“‘I shall not want,’ the psalm says.  Is that true?  There are lots of things we go on wanting, go on lacking, whether we believe in God or not.  They are not just material things like a new roof or a better paying job, but things like good health, things like happiness for our children, things like being understood and appreciated, like relief from pain, like some measure of inner peace not just for ourselves but for the people we love and for whom we pray.  Believers and unbelievers alike we go on wanting plenty our whole lives through…

“…But when the psalm says, ‘I shall not want,’ maybe it is speaking the utter truth anyhow.  Maybe it means that if we keep our eyes open, if we keep our hearts and lives open, we will at least never be in want of the one thing we want more than anything else.  Maybe it means that whatever else is withheld, the shepherd never withholds himself, and he is what we want more than anything else.”

–Frederick Buechner, Listening to Your Life, p.179

Something in these words comforts me, and something terrifies me.  Even as I type them out, I wonder as I have for years: will God look at what I’ve now spoken out loud, in a sense, and decide it’s time to hit me with the big one?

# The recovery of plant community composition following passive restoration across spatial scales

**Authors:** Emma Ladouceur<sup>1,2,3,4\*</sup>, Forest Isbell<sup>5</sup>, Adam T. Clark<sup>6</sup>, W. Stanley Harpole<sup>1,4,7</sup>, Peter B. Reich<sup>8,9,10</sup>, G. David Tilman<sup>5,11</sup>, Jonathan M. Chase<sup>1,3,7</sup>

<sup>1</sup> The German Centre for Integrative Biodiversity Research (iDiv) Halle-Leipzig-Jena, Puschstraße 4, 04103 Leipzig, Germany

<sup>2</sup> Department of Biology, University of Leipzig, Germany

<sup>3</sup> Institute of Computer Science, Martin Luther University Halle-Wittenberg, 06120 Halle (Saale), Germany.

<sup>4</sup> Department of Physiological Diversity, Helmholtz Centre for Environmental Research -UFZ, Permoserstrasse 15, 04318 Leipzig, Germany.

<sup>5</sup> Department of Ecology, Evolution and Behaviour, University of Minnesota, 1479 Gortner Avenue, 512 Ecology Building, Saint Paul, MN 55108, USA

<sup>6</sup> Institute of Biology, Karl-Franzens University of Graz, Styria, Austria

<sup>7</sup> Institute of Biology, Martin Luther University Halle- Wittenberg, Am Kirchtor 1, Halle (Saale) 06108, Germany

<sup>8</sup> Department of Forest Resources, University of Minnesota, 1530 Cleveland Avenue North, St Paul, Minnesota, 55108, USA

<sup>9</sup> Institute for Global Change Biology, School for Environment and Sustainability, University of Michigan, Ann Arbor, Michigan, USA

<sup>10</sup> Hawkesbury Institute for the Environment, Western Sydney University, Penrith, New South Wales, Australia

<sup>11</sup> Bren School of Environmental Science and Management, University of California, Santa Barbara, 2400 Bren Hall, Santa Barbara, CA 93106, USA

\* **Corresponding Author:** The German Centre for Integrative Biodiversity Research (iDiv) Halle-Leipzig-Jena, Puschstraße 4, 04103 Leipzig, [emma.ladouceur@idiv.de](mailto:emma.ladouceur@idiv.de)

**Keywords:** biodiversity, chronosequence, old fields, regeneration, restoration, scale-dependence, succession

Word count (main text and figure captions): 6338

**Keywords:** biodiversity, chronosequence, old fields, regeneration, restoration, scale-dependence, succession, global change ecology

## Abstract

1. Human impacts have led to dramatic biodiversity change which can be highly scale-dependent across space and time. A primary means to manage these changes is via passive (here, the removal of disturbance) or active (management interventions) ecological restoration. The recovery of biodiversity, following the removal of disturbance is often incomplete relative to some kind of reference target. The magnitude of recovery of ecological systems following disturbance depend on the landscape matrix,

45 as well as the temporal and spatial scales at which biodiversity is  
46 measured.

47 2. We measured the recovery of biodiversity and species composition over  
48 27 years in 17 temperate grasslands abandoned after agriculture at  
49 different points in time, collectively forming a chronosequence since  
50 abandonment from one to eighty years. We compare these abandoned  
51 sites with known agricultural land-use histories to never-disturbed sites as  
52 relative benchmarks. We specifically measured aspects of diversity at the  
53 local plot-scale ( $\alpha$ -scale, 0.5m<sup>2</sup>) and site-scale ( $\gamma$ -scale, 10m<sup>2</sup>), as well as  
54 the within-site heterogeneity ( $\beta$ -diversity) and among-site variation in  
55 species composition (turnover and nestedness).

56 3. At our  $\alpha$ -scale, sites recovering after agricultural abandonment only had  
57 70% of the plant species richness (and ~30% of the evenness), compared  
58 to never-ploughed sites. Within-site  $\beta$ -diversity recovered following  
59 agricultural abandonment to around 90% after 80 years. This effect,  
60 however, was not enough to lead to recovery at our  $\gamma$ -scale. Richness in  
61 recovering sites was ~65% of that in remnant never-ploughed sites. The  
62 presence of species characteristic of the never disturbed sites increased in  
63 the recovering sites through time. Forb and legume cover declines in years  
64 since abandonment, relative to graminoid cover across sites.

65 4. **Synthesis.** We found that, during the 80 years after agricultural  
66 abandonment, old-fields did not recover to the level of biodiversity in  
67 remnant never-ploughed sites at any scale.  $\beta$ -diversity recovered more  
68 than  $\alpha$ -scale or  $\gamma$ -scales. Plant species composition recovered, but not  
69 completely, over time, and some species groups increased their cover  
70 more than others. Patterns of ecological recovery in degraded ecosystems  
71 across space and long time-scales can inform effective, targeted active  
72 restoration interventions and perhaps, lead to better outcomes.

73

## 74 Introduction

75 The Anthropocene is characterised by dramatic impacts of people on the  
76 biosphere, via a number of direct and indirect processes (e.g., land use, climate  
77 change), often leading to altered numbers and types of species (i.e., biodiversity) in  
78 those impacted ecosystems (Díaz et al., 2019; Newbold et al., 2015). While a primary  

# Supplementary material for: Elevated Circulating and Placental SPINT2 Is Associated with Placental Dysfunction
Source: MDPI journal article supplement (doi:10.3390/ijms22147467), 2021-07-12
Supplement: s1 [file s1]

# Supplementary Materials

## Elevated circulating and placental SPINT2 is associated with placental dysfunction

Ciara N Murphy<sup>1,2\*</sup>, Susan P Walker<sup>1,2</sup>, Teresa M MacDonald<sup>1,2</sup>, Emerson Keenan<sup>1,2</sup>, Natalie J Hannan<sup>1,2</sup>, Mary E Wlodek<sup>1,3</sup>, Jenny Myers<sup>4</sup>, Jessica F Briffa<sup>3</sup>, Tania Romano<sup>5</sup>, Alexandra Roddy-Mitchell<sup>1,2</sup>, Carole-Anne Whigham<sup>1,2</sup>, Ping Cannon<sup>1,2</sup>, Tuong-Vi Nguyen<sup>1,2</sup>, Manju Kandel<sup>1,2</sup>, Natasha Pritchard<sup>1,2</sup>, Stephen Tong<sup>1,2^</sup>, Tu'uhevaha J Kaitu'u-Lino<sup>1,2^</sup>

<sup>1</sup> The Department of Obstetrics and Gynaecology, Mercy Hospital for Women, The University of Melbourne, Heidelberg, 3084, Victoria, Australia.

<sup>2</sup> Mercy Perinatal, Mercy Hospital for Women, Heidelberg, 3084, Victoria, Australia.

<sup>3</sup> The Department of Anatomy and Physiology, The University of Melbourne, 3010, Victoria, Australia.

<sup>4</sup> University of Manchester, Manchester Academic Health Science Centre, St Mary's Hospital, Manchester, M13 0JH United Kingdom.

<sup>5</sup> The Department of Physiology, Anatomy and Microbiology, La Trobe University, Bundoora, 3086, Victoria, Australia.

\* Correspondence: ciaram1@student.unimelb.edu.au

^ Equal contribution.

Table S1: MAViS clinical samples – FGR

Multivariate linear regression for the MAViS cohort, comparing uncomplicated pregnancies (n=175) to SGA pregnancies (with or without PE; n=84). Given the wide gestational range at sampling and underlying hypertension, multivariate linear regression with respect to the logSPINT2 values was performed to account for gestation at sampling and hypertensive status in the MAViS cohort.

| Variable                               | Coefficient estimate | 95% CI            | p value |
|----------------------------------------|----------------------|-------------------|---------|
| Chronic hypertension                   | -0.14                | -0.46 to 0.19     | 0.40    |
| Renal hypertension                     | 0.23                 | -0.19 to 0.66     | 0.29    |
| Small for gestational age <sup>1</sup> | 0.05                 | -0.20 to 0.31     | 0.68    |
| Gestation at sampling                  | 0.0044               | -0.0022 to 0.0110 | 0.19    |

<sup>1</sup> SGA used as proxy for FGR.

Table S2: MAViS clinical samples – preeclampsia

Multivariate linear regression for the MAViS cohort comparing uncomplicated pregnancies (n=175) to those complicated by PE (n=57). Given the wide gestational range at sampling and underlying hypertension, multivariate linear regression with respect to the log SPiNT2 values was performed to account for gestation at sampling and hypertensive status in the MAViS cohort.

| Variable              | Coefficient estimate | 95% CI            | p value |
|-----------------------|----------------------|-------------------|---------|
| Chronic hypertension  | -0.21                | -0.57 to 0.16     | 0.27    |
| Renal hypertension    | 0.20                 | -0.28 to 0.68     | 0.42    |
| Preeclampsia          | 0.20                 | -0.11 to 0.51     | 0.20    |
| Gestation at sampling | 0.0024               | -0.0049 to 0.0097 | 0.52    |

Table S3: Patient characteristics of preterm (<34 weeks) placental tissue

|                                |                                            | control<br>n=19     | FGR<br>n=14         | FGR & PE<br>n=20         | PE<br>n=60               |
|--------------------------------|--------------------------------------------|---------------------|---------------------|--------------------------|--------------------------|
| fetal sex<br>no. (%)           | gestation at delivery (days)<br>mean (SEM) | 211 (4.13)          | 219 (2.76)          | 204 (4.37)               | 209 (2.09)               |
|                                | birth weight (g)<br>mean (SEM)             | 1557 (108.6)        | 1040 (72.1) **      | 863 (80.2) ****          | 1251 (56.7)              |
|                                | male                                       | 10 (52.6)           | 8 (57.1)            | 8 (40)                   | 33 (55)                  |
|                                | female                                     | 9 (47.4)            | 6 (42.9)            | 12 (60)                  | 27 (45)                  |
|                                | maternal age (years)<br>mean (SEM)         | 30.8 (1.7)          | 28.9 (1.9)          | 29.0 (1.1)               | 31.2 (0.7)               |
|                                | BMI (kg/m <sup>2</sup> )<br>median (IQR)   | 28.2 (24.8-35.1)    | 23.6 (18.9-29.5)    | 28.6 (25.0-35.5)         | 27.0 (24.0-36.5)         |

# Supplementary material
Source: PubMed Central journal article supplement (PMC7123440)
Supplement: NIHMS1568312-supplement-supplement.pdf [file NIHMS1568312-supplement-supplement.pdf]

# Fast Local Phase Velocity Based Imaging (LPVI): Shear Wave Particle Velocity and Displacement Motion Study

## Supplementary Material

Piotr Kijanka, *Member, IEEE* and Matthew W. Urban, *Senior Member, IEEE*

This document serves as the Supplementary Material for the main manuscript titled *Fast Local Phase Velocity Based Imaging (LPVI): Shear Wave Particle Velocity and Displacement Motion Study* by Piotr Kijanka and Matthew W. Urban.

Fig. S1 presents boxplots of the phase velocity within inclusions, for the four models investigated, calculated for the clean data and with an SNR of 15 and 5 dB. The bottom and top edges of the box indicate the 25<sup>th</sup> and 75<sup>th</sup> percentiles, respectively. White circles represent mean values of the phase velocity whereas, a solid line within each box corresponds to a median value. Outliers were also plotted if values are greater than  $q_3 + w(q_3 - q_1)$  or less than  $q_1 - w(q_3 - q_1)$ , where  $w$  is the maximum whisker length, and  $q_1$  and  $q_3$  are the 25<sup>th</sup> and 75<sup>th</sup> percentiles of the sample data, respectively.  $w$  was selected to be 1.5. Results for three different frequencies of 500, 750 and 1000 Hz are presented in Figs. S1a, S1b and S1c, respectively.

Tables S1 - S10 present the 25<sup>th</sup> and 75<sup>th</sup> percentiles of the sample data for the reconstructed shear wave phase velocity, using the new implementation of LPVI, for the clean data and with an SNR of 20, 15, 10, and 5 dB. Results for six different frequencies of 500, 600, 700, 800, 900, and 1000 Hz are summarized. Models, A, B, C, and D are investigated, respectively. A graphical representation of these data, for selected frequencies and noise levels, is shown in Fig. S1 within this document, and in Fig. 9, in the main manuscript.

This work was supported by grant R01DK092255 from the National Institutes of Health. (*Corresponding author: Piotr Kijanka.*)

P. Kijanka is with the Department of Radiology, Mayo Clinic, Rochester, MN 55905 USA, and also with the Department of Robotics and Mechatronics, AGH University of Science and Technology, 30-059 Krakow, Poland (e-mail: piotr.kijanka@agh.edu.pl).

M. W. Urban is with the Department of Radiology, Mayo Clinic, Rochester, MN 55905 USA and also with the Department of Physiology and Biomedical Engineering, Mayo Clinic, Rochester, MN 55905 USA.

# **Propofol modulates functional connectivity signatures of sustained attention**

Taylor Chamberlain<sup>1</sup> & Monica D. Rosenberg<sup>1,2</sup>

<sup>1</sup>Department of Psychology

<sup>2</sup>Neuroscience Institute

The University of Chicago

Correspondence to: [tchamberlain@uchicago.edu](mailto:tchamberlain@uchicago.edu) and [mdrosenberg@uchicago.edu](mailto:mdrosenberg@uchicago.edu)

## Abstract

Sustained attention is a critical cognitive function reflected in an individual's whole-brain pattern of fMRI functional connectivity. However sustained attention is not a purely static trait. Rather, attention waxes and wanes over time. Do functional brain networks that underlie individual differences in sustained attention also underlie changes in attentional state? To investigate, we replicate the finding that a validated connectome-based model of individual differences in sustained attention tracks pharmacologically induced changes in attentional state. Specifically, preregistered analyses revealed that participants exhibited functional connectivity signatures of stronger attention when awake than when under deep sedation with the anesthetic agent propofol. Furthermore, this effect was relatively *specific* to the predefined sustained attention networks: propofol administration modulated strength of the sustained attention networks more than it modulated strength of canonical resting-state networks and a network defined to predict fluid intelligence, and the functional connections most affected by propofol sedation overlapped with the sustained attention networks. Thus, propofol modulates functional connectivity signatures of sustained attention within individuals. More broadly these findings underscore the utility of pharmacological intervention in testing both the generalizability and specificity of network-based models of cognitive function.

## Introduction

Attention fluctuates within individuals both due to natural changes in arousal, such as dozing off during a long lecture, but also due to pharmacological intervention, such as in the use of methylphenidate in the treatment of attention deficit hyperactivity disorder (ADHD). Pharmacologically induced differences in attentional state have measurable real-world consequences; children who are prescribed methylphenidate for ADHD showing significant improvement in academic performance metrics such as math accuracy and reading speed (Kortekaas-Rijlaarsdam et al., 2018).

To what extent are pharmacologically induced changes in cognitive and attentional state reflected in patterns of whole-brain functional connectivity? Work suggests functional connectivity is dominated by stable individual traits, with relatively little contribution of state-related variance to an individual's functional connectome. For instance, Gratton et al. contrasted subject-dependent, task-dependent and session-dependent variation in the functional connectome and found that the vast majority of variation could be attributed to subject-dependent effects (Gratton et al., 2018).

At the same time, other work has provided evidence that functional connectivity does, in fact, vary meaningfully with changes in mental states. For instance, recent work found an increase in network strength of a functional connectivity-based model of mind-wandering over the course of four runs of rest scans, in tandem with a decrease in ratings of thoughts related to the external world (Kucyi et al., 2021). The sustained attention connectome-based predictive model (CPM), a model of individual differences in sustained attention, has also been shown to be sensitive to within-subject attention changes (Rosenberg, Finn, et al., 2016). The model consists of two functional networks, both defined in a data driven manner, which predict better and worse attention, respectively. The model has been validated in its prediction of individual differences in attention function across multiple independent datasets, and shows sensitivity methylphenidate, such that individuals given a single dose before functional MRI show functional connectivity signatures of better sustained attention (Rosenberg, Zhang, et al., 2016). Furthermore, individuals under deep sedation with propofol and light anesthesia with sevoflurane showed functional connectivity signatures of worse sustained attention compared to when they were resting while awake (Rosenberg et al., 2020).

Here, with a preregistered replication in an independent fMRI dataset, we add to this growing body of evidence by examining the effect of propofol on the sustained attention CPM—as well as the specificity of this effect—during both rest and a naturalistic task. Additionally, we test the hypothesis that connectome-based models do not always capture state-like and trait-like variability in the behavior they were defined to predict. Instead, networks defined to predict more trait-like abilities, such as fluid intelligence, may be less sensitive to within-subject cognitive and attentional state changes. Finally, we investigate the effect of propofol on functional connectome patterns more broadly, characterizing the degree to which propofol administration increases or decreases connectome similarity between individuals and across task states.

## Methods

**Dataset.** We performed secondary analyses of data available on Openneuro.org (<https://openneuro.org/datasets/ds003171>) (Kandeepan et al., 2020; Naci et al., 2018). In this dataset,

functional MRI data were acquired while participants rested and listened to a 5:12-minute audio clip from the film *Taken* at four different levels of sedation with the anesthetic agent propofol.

I have this problem–I believe God is enough for me today, but I am achingly unsure about tomorrow.  It depends on the type of tomorrow we’re talking about, Lord.  I can run my mind back over reams of pages telling me that what we truly want, deep down–who we want–is God himself.  But the postscript in my soul is a question mark.  What does that really mean?  I don’t know.

I want many things; Buechner mentioned some of them.  I pray for them; sometimes confidently, and sometimes whispering in a scared silence.  I pray for mercy and help, and grace for today, and strength to not fear tomorrow.  I pray to feel the hand of the shepherd.  I pray for green pastures and still waters.

The grass has been parched for some time now, and the path of the water hard to trace.  I don’t know how to find my way between praying for what I want, and wondering whether it will always be wanting. But when I read Buechner’s words, a small something stirred.  And I like that he says “Maybe”; it gives me room to work on believing.

Maybe the shepherd never withholds himself.  That’s what I’m turning over in my mind, for today and tomorrow, and for a wedge against the door when fear crouches outside.